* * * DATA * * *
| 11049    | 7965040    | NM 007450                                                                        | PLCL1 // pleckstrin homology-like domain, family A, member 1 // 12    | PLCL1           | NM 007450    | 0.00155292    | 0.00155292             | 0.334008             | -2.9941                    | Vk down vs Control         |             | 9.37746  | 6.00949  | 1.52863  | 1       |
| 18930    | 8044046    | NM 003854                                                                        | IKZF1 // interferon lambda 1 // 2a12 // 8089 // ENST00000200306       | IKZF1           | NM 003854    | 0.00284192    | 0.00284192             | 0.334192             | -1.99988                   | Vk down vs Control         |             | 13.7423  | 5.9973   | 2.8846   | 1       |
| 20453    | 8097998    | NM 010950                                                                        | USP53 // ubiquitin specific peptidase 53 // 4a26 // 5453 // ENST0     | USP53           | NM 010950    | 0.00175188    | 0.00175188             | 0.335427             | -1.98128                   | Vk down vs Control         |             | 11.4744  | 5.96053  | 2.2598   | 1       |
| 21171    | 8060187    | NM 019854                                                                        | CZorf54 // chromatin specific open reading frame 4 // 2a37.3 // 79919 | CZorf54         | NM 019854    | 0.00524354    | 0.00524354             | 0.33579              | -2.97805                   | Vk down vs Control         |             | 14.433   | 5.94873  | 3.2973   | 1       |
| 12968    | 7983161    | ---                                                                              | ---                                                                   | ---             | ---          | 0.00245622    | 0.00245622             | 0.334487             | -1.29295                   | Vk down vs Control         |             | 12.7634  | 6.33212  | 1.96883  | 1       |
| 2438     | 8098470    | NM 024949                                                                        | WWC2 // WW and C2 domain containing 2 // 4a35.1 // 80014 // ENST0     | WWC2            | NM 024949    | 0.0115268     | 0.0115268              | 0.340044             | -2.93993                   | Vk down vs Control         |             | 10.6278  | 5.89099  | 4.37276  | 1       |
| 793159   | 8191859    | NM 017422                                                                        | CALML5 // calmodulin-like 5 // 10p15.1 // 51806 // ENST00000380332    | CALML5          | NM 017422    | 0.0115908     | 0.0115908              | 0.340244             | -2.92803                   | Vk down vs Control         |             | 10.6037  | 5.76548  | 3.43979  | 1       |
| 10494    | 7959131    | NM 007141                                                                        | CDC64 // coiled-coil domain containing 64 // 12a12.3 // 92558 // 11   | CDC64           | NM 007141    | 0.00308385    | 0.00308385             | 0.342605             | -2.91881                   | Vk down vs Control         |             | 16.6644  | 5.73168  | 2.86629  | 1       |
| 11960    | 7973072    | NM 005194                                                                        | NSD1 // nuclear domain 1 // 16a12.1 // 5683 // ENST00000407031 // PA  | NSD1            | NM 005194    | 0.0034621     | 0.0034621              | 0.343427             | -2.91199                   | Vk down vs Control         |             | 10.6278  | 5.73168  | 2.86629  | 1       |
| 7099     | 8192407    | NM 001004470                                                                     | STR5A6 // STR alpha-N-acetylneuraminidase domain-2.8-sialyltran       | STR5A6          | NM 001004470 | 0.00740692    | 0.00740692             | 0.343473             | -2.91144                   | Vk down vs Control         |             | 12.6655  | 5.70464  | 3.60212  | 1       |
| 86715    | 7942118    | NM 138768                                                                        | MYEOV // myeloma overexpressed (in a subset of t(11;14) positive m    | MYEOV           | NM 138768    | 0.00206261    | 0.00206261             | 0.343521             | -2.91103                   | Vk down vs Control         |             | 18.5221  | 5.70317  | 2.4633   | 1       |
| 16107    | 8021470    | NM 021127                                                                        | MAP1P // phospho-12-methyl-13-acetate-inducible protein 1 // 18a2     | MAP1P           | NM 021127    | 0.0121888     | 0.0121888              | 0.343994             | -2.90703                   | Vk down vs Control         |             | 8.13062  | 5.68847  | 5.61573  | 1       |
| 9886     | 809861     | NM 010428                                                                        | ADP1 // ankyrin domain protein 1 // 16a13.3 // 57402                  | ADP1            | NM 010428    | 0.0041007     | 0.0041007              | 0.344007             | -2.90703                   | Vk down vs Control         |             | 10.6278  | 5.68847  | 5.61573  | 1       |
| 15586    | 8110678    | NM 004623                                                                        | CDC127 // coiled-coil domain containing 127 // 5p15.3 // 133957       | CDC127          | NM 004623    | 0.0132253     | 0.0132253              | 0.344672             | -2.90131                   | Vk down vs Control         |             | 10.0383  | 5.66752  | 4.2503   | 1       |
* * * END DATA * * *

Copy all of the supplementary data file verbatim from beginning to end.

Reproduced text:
| 11049    | 7965040    | NM 007450                                                                        | PLCL1 // pleckstrin homology-like domain, family A, member 1 // 12    | PLCL1           | NM 007450    | 0.00155292    | 0.00155292             | 0.334008             | -2.9941                    | Vk down vs Control         |             | 9.37746  | 6.00949  | 1.52863  | 1       |
| 18930    | 8044046    | NM 003854                                                                        | IKZF1 // interferon lambda 1 // 2a12 // 8089 // ENST00000200306       | IKZF1           | NM 003854    | 0.00284192    | 0.00284192             | 0.334192             | -1.99988                   | Vk down vs Control         |             | 13.7423  | 5.9973   | 2.8846   | 1       |
| 20453    | 8097998    | NM 010950                                                                        | USP53 // ubiquitin specific peptidase 53 // 4a26 // 5453 // ENST0     | USP53           | NM 010950    | 0.00175188    | 0.00175188             | 0.335427             | -1.98128                   | Vk down vs Control         |             | 11.4744  | 5.96053  | 2.2598   | 1       |
| 21171    | 8060187    | NM 019854                                                                        | CZorf54 // chromatin specific open reading frame 4 // 2a37.3 // 79919 | CZorf54         | NM 019854    | 0.00524354    | 0.00524354             | 0.33579              | -2.97805                   | Vk down vs Control         |             | 14.433   | 5.94873  | 3.2973   | 1       |
| 12968    | 7983161    | ---                                                                              | ---                                                                   | ---             | ---          | 0.00245622    | 0.00245622             | 0.334487             | -1.29295                   | Vk down vs Control         |             | 12.7634  | 6.33212  | 1.96883  | 1       |
| 2438     | 8098470    | NM 024949                                                                        | WWC2 // WW and C2 domain containing 2 // 4a35.1 // 80014 // ENST0     | WWC2            | NM 024949    | 0.0115268     | 0.0115268              | 0.340044             | -2.93993                   | Vk down vs Control         |             | 10.6278  | 5.89099  | 4.37276  | 1       |
| 793159   | 8191859    | NM 017422                                                                        | CALML5 // calmodulin-like 5 // 10p15.1 // 51806 // ENST00000380332    | CALML5          | NM 017422    | 0.0115908     | 0.0115908              | 0.340244             | -2.92803                   | Vk down vs Control         |             | 10.6037  | 5.76548  | 3.43979  | 1       |
| 10494    | 7959131    | NM 007141                                                                        | CDC64 // coiled-coil domain containing 64 // 12a12.3 // 92558 // 11   | CDC64           | NM 007141    | 0.00308385    | 0.00308385             | 0.342605             | -2.91881                   | Vk down vs Control         |             | 16.6644  | 5.73168  | 2.86629  | 1       |
| 11960    | 7973072    | NM 005194                                                                        | NSD1 // nuclear domain 1 // 16a12.1 // 5683 // ENST00000407031 // PA  | NSD1            | NM 005194    | 0.0034621     | 0.0034621              | 0.343427             | -2.91199                   | Vk down vs Control         |             | 10.6278  | 5.73168  | 2.86629  | 1       |
| 7099     | 8192407    | NM 001004470                                                                     | STR5A6 // STR alpha-N-acetylneuraminidase domain-2.8-sialyltran       | STR5A6          | NM 001004470 | 0.00740692    | 0.00740692             | 0.343473             | -2.91144                   | Vk down vs Control         |             | 12.6655  | 5.70464  | 3.60212  | 1       |
| 86715    | 7942118    | NM 138768                                                                        | MYEOV // myeloma overexpressed (in a subset of t(11;14) positive m    | MYEOV           | NM 138768    | 0.00206261    | 0.00206261             | 0.343521             | -2.91103                   | Vk down vs Control         |             | 18.5221  | 5.70317  | 2.4633   | 1       |
| 16107    | 8021470    | NM 021127                                                                        | MAP1P // phospho-12-methyl-13-acetate-inducible protein 1 // 18a2     | MAP1P           | NM 021127    | 0.0121888     | 0.0121888              | 0.343994             | -2.90703                   | Vk down vs Control         |             | 8.13062  | 5.68847  | 5.61573  | 1       |
| 9886     | 809861     | NM 010428                                                                        | ADP1 // ankyrin domain protein 1 // 16a13.3 // 57402                  | ADP1            | NM 010428    | 0.0041007     | 0.0041007              | 0.344007             | -2.90703                   | Vk down vs Control         |             | 10.6278  | 5.68847  | 5.61573  | 1       |
| 15586    | 8110678    | NM 004623                                                                        | CDC127 // coiled-coil domain containing 127 // 5p15.3 // 133957       | CDC127          | NM 004623    | 0.0132253     | 0.0132253              | 0.344672             | -2.90131                   | Vk down vs Control         |             | 10.0383  | 5.66752  | 4.2503   | 1       |